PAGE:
- Walk the walk. Go on-site and understand the context in which your potential or current customers use your product. Regardless of whether it’s software or hardware, nothing can replace the insights you’ll gain from really being present and seeing how long it takes or how they may click or choose.
A great example is a recent viral video where parents provided their son and his friend a rotary dial phone and asked them to make a call. It highlights that what could be inherently apparent to one person may not to another.
- Gather evidence. Observe in real-time and get pictures or videos. Count
steps / clicksand observe size and shape. The data accumulated will inform product teams and help other team members learn to develop and displace something later.
Quantitative Feedback: Measure What You Have Learned
Now that you’ve gathered all this knowledge – experiment with it and test it against your original assumptions. Using the new insights, consider creating a prototype of a product, or design a new interface and check it with another set of potential users.
Gathering information can be done online using visual surveys or blind focus groups, where the individual does not know who the company is. You can also create a simple Meetup, or Eventbrite to gather folks and observe – put each potential idea to the test!
Structured data that validates or debunks insights provide product managers the knowledge and credibility to support their product changes. You will be more confident in your conclusions and will have the evidence and details to back them up.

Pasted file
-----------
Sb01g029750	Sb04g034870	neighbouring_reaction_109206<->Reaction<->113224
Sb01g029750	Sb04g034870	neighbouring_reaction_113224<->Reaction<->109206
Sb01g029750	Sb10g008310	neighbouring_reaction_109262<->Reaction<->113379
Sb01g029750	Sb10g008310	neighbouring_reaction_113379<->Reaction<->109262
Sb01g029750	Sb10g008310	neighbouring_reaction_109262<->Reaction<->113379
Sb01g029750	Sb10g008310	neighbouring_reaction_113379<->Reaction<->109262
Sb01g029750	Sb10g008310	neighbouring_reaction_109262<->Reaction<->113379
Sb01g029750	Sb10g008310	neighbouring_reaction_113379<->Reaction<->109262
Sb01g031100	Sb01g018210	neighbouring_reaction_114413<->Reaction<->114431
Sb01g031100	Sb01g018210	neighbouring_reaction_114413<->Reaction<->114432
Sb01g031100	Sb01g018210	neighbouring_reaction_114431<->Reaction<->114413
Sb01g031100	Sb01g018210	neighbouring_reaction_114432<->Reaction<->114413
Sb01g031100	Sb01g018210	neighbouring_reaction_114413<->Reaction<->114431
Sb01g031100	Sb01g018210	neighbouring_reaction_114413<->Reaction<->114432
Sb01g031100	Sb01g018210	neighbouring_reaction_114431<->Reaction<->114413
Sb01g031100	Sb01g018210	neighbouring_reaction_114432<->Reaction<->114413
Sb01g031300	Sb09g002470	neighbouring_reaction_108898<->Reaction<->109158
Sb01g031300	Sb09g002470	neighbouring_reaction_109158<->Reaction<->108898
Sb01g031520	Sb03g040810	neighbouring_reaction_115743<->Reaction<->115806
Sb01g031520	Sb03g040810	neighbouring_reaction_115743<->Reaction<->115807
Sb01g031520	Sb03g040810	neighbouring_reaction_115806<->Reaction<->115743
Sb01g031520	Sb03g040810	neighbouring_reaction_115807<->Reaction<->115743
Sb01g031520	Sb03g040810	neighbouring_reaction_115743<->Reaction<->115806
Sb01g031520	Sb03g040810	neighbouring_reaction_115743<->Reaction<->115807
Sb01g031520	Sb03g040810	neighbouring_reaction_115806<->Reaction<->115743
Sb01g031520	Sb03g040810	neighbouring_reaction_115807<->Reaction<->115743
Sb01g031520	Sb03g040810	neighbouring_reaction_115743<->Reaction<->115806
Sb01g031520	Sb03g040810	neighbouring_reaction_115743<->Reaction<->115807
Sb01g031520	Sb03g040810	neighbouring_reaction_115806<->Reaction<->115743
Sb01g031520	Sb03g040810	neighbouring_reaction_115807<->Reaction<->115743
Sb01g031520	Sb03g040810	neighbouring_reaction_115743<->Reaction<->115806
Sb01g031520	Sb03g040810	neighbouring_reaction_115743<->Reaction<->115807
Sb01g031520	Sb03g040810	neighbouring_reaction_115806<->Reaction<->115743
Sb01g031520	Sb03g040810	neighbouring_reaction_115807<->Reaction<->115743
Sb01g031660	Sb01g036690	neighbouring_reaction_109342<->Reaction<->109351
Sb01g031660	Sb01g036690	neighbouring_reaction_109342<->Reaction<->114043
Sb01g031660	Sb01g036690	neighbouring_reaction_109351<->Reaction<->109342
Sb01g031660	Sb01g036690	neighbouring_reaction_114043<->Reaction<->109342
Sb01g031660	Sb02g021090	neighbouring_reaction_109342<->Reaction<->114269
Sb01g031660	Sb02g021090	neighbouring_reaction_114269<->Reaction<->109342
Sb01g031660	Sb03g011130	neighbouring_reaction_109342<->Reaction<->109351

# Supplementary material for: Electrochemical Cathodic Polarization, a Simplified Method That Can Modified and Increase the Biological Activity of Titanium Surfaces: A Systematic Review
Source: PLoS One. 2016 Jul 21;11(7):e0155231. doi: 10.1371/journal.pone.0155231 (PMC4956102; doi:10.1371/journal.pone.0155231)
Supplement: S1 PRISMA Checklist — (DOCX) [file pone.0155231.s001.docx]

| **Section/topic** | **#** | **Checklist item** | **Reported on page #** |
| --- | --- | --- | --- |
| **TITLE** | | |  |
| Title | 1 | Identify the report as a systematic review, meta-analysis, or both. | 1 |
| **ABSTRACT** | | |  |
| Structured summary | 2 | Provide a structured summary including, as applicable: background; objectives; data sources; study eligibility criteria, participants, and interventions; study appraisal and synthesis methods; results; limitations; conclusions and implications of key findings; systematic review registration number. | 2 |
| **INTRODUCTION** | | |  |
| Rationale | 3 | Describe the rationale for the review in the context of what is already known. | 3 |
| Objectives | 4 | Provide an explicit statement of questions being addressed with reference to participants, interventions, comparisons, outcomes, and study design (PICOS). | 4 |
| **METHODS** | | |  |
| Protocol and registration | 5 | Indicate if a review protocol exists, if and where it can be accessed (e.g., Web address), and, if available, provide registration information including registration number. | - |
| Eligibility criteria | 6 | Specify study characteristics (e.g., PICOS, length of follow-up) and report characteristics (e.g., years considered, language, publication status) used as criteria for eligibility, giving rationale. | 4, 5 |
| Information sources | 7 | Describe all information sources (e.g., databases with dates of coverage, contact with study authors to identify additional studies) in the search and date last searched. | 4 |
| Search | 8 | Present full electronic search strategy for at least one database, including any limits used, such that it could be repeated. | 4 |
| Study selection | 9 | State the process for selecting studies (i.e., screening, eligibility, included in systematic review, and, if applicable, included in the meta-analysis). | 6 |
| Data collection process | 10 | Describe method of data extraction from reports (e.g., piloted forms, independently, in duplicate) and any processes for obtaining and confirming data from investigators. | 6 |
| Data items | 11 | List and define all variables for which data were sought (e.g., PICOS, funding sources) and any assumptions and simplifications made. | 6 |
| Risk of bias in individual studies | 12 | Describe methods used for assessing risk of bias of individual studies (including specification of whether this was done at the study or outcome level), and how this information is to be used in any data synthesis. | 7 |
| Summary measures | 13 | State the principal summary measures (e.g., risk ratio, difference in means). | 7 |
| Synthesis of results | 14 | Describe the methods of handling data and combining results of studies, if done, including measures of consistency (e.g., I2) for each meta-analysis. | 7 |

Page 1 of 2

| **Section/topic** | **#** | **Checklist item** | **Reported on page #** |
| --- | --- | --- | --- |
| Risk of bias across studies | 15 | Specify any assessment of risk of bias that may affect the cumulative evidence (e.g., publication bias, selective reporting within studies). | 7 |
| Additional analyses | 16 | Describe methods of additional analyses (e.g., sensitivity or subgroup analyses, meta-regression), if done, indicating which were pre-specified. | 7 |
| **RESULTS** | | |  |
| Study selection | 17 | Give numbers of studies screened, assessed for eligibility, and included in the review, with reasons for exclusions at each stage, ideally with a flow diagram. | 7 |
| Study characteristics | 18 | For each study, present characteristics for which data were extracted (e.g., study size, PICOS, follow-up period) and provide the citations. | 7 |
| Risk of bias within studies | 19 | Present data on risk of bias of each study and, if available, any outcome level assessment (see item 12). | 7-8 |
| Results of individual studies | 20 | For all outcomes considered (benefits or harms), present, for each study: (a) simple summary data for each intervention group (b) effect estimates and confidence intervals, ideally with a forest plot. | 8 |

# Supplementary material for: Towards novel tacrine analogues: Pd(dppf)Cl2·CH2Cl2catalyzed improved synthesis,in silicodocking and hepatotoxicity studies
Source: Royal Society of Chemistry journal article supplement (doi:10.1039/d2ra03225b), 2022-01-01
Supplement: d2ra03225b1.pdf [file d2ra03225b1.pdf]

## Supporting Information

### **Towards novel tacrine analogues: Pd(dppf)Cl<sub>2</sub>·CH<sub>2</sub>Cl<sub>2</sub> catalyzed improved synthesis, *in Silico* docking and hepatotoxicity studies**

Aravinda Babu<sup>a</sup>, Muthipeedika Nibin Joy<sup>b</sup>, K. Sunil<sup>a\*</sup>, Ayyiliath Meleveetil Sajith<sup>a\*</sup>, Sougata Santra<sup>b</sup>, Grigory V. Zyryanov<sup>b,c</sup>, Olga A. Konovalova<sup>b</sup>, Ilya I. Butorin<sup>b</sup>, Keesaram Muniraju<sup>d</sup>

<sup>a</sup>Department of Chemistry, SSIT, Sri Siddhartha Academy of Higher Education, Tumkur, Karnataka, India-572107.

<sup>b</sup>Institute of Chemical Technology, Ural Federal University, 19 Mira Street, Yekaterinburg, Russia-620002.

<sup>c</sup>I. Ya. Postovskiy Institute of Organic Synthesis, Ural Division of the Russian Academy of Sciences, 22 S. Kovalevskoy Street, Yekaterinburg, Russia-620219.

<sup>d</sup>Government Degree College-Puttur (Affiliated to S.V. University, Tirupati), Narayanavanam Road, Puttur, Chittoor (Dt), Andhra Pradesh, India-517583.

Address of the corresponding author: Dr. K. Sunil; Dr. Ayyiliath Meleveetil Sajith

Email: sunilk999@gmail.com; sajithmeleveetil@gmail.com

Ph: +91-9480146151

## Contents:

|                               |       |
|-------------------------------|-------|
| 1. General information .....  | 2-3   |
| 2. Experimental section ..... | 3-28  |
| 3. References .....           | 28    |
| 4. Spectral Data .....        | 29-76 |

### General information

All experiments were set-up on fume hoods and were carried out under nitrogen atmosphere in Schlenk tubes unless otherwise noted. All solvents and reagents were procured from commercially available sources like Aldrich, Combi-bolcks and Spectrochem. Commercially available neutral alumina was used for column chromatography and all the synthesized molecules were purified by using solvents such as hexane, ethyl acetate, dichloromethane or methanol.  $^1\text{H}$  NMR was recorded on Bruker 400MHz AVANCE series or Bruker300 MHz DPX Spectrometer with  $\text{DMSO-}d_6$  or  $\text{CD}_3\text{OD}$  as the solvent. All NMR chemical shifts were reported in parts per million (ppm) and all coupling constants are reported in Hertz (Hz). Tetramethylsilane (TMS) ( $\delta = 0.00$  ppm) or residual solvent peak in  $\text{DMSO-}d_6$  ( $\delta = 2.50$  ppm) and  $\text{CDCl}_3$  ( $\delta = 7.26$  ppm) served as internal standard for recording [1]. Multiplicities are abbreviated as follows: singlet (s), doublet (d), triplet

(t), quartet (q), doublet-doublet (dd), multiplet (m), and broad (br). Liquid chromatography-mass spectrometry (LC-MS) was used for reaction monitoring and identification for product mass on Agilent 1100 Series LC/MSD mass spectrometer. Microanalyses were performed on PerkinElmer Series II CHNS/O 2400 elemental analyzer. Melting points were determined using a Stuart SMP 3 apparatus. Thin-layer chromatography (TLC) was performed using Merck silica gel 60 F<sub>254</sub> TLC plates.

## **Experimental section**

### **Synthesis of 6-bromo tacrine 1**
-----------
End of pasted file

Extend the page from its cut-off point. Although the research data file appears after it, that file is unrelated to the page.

Qualitative Feedback: Tapping into the Big Picture
Now we’re at stage four, here’s a formula for creating innovations using what you have learned so far:
- Read reviews, word for word. It’s all about the long form. Focus on ‘best friend and worst enemy’ – people who loved the product, and people who hated it. Spend time on social media reading what people say, read reviews, watch videos people post. Draw it all together and examine it all.
- Isolate trends. Tools like word clouds can help you isolate keywords and put a quantitative number to the qualitative studies.
- Define what you believe to be true. For example, is it valid that “more women use the product in the North East
”.Pull all of your assumptions/conclusions together.
- Map frustration and frequency. Zero in on the problem your customer is having. Given what you know, define how annoying the problem is, and how regularly it happens. What are the most frustrating things for your audience, and frequently do they occur, and don’t forget to add the ‘devil they know’. Something may be a complete time suck, but for the user, it has become muscle memory.
- Find Innovation in “Not.” Innovation is often the removal of a previously required but generally annoying element. Car = horseless carriage. Bluetooth = cordless phone. Kindle = paperless book. It’s a process of streamlining – making things work faster, nimbler and accessible.
Example: Creating the iPod
Let’s use a disruptive product as an example. Create a matrix of your customers’ pain points. Here I use the iPod as an example to show how Apple took the various technical challenges and turned them on its head with the iPod.
Customer Pain Points
In Conclusion: Know Your Customer Better than They Know Themselves
Customers don’t always know what they need before they see it. Using the tools of interviews, observation, quantitative analysis and qualitative analysis, your job as a Product Manager is to know your customers better than they know themselves.
Meet Shoshana Burgett
Shoshana Burgett is a thought leader and industry consultant with over two decades of experience in on-demand printing, manufacturing, and personalization. Shoshana has been at the forefront of personalized production and omnichannel communications and has served as a Senior Executive at X-Rite, Pantone, and Xerox.
Responsible for incorporating the Voice of the Customer into the company’s product portfolio, taking customer requirements and technical jargon and turning them into compelling marketing messages and go-to-market strategies.